Improving DQE with Counting and Super-Resolution

Counting                         Super-resolution

For over 20 years, Gatan has continued to improve our cameras for transmission electron microscopy (TEM). While there are many ways to characterize the performance of an imaging device, detective quantum efficiency (DQE), is the most reliable indicator of resolution for low dose imaging.

DQE measures the combined signal effects (related to image resolution and contrast) and noise performance of an imaging system that vary with spatial frequency. It describes how effectively the camera can produce an image with a high signal-to-noise ratio (SNR). DQE is a good indicator for how much data is obtained per unit of electron dose to the sample. Mathematically DQE is expressed as the relationship between the output and input of the SNR.

DQE = (SNRout)2 / (SNRin)2

If a specimen is imaged with a detector that only has 33% DQE, the result will be noisier than the original, and many of the high resolution details will be lost.

Detector with DQE
of 33%

Note image details, such as the eyes, hair and nose that are lost by a detector with a low DQE.


To overcome this challenge, continuous DQE improvement led to the K2 Summit® camera; which offers the highest DQE of any TEM camera to date. K2 Summit camera includes traditional integration, electron counting and super-resolution electron counting modes.

Traditional integration

Similar to indirect detection cameras, direct detectors can integrate the total charge produced when an electron strikes a pixel. These detectors are most commonly used for high dose applications. While direct detectors offer an increase in DQE, in integration mode they do not remove read noise or the variation in signal that is dependent on the electron interaction with the detector.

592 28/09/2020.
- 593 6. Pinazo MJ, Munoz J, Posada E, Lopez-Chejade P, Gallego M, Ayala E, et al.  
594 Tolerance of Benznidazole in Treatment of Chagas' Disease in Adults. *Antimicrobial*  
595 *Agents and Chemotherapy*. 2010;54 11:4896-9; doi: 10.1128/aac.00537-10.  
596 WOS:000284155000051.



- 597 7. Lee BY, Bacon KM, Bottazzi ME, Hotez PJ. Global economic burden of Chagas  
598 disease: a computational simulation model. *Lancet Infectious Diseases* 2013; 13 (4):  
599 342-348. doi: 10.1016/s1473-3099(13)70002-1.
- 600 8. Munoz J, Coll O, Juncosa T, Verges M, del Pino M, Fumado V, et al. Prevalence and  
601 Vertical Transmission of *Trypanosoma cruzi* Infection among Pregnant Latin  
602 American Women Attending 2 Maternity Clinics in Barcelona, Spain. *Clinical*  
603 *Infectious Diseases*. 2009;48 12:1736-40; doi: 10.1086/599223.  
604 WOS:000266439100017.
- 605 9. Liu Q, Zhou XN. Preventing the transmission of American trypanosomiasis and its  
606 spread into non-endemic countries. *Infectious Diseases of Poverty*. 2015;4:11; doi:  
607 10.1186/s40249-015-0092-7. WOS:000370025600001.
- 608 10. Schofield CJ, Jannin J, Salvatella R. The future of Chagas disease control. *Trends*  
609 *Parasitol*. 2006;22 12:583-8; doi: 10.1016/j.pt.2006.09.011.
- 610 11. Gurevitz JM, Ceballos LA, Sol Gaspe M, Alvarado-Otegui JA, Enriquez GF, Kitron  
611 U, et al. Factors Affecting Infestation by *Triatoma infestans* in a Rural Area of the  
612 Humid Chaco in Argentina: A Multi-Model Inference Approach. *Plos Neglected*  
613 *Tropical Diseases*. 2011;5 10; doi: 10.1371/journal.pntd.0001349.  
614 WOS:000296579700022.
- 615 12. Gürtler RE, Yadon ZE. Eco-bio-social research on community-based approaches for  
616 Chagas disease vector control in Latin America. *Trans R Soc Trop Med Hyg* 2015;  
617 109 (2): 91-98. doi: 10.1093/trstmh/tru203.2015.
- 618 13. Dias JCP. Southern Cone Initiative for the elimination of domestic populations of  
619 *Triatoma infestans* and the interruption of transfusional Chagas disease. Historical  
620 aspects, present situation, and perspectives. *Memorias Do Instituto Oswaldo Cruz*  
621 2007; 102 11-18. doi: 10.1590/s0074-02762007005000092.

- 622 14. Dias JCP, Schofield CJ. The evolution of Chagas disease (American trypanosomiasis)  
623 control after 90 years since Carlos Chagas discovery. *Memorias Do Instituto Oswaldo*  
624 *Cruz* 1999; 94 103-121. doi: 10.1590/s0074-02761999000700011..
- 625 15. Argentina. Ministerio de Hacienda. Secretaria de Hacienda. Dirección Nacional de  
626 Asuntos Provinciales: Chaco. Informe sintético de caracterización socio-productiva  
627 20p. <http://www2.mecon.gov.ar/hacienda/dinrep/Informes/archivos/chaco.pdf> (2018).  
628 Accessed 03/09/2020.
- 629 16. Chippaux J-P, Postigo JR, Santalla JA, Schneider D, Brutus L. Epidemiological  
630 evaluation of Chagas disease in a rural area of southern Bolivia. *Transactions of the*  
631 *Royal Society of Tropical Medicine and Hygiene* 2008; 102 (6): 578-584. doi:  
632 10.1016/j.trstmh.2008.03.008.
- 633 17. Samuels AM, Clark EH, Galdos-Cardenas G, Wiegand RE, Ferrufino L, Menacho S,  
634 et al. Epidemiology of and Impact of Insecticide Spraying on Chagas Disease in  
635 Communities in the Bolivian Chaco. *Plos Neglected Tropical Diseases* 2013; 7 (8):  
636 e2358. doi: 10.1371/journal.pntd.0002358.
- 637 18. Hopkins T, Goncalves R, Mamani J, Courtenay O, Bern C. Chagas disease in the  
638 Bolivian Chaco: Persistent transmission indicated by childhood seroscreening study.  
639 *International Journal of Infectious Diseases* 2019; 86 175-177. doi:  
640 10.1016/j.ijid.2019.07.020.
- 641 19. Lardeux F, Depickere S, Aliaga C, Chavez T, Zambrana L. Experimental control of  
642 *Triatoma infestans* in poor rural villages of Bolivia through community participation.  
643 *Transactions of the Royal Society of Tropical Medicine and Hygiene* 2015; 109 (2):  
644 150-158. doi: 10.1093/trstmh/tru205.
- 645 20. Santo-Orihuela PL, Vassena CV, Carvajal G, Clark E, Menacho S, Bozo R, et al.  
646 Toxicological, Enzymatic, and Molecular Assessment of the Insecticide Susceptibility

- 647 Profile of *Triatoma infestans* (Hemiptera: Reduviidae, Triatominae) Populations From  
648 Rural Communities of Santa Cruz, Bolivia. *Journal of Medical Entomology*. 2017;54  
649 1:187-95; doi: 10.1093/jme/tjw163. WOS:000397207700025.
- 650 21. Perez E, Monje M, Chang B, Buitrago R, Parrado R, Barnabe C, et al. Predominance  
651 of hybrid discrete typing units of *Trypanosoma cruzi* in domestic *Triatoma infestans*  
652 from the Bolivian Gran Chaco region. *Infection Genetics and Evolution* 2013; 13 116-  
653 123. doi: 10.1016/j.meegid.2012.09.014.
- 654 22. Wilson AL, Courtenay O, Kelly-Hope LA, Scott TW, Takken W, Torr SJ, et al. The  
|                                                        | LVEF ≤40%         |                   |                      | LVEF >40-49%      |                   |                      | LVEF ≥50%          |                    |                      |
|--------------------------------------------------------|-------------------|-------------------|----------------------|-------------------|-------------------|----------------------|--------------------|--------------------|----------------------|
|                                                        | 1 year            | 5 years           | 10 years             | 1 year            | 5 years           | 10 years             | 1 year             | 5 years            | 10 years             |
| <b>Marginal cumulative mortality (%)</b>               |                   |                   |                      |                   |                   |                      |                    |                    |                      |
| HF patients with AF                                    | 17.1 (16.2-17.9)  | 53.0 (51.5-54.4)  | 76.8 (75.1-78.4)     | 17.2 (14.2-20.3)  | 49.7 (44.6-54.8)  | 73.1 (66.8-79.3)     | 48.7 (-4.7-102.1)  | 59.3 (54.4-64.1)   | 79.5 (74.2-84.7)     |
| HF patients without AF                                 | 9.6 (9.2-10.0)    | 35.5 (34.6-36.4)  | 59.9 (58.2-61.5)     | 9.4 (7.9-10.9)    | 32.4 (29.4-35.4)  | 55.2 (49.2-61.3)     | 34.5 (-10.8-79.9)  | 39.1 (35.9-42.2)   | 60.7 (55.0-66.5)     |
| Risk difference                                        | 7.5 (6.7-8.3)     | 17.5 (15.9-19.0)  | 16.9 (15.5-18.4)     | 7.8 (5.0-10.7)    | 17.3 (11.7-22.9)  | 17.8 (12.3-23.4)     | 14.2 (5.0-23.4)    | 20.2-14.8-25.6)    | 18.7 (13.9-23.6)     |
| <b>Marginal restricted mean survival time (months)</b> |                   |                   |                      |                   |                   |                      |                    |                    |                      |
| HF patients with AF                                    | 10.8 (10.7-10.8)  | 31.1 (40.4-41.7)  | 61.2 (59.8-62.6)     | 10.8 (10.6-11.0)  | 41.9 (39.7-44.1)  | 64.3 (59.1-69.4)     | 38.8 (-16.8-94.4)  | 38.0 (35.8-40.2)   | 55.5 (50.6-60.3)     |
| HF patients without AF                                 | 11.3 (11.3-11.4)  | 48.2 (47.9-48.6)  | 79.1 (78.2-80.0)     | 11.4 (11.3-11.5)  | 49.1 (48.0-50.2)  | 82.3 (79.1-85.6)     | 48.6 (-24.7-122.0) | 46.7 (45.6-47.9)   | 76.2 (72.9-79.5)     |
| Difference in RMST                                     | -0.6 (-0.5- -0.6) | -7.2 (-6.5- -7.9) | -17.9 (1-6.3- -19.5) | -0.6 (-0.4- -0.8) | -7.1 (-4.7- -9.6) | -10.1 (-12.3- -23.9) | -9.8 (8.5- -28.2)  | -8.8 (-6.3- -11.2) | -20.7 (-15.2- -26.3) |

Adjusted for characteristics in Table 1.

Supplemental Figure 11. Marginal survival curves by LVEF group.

In counting mode, individual electron events are identified at the time that they reach the detector. To do this efficiently the camera must run fast enough so that individual electron events can be identified separately.

A benefit of counting is that it rejects signal read noise and variability associated with electron scattering, while it dramatically lifts the detector's DQE across all spatial frequencies.

The K2 Summit electron counting mode replaces the analog signal from each primary electron with a discrete count.


Counting electrons compared to counting raindrops on the sidewalk (pavement)

Using the analogy of counting raindrops (left) compared to electrons (right), electron counting is only possible if the camera can read-out images fast enough to “see” the individual electrons "raining" down on the sensor.

If the electrons are "raining" quickly, the camera needs a high frame rate in order to count individual electrons.


When compared to traditional integration (left), counting removes the variability from scattering, rejects the electronic read noise, and restores the DQE (right).



The theoretical information limit defined by the physical pixel size is surpassed when you use the K2 in super-resolution mode. The K2 sensor pixel size is slightly smaller than the area that the electron interacts with; as a result each incoming electron deposits signal in a small cluster of pixels. High-speed electronics are able to recognize each electron event (at 400 fps) and find the center of event with sub-pixel precision.

The net effect is a 4x improvement in effective number of pixels (beyond the physical Nyquist limit), as well as a further improvement of the DQE.




The difference between counting and super-resolution DQE, as shown in the graph, is mainly due to noise present in the counted images that is caused by aliasing. The largest advantage of super-resolution is that it minimizes this effect.